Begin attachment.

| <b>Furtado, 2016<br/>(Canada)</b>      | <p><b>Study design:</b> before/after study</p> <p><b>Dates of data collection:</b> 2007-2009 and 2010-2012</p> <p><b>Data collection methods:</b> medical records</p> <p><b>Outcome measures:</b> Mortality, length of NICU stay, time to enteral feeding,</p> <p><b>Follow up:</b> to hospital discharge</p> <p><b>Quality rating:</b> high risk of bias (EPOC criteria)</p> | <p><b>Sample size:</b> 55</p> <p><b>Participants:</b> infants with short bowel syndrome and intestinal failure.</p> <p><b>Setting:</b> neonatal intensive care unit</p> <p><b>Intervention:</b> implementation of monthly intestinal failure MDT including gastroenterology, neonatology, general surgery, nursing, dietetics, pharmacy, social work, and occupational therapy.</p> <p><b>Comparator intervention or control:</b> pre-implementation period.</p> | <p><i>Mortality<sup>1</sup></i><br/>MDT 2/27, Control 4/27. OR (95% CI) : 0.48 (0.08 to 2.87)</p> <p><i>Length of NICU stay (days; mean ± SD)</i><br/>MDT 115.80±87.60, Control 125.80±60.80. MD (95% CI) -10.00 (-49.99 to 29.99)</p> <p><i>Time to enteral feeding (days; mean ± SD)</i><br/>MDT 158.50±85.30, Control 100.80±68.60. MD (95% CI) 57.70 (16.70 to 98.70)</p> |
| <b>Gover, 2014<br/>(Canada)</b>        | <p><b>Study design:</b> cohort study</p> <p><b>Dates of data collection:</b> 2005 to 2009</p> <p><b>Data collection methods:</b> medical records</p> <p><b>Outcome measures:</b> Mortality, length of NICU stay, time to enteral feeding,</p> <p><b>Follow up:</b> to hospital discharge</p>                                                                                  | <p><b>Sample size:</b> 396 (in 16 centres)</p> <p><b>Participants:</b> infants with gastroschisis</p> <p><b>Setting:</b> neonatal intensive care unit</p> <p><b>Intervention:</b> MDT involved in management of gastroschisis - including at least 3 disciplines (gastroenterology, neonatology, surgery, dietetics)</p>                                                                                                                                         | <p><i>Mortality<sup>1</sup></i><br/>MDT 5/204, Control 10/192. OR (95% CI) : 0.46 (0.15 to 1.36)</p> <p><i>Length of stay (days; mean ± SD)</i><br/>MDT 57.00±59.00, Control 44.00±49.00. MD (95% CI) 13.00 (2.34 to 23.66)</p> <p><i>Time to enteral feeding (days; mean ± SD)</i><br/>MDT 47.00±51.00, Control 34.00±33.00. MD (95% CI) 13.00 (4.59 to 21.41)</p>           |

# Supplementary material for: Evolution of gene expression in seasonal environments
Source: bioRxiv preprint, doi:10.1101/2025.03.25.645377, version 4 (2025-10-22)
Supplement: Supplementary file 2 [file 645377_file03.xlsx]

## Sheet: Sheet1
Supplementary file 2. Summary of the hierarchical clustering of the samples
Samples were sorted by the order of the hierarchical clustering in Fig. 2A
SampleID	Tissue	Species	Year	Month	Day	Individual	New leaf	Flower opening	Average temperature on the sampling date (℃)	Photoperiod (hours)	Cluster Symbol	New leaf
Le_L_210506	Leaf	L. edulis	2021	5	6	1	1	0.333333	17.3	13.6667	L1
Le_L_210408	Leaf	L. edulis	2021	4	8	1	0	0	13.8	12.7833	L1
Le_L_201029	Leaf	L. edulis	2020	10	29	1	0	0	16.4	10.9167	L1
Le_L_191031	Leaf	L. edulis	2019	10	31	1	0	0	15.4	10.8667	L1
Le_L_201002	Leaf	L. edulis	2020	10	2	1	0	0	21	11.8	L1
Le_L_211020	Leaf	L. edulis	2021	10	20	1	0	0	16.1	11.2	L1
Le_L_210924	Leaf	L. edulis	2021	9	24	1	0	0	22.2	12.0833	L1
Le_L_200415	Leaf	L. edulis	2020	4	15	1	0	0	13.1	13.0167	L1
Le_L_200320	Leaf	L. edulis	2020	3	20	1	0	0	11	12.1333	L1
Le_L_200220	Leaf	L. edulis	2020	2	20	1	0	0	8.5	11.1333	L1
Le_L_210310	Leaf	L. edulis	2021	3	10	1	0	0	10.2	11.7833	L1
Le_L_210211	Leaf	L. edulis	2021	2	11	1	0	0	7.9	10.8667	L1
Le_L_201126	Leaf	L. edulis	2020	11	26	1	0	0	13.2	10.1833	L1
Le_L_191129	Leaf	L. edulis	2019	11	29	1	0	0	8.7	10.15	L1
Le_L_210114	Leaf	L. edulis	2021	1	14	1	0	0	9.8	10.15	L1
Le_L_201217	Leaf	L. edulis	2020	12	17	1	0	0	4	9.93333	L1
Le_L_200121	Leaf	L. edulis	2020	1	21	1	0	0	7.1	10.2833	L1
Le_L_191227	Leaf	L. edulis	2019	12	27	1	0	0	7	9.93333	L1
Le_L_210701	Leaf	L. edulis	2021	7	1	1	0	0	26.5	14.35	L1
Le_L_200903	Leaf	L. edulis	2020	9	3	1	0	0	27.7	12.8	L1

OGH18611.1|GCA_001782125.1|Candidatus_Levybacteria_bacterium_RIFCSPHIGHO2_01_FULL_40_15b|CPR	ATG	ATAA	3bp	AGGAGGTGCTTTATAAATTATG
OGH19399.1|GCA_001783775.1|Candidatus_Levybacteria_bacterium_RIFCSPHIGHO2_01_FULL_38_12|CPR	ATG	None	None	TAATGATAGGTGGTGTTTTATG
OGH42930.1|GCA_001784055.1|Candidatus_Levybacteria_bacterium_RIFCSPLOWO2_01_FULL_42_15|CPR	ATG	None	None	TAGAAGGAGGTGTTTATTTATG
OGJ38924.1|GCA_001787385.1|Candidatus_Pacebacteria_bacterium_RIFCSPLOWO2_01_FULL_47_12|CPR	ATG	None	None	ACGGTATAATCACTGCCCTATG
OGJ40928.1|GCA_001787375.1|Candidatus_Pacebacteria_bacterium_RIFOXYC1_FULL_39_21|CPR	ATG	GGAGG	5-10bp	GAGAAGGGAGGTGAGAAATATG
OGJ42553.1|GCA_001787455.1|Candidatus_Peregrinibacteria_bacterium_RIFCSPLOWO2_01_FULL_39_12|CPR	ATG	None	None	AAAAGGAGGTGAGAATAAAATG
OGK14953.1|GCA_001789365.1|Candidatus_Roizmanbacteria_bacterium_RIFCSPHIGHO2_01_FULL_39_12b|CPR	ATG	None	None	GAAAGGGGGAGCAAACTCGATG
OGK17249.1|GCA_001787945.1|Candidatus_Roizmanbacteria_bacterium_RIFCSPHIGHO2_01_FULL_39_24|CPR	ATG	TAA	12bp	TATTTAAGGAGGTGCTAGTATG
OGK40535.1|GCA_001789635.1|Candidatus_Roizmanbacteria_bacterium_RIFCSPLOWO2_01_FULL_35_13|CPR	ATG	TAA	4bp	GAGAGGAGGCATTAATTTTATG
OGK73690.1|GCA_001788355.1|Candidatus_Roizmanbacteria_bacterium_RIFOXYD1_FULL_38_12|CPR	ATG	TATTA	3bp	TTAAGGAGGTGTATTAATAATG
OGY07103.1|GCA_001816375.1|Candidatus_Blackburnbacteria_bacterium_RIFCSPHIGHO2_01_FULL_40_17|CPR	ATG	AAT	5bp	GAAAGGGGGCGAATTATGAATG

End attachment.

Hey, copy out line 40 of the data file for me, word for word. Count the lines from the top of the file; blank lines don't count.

OGY07103.1|GCA_001816375.1|Candidatus_Blackburnbacteria_bacterium_RIFCSPHIGHO2_01_FULL_40_17|CPR	ATG	AAT	5bp	GAAAGGGGGCGAATTATGAATG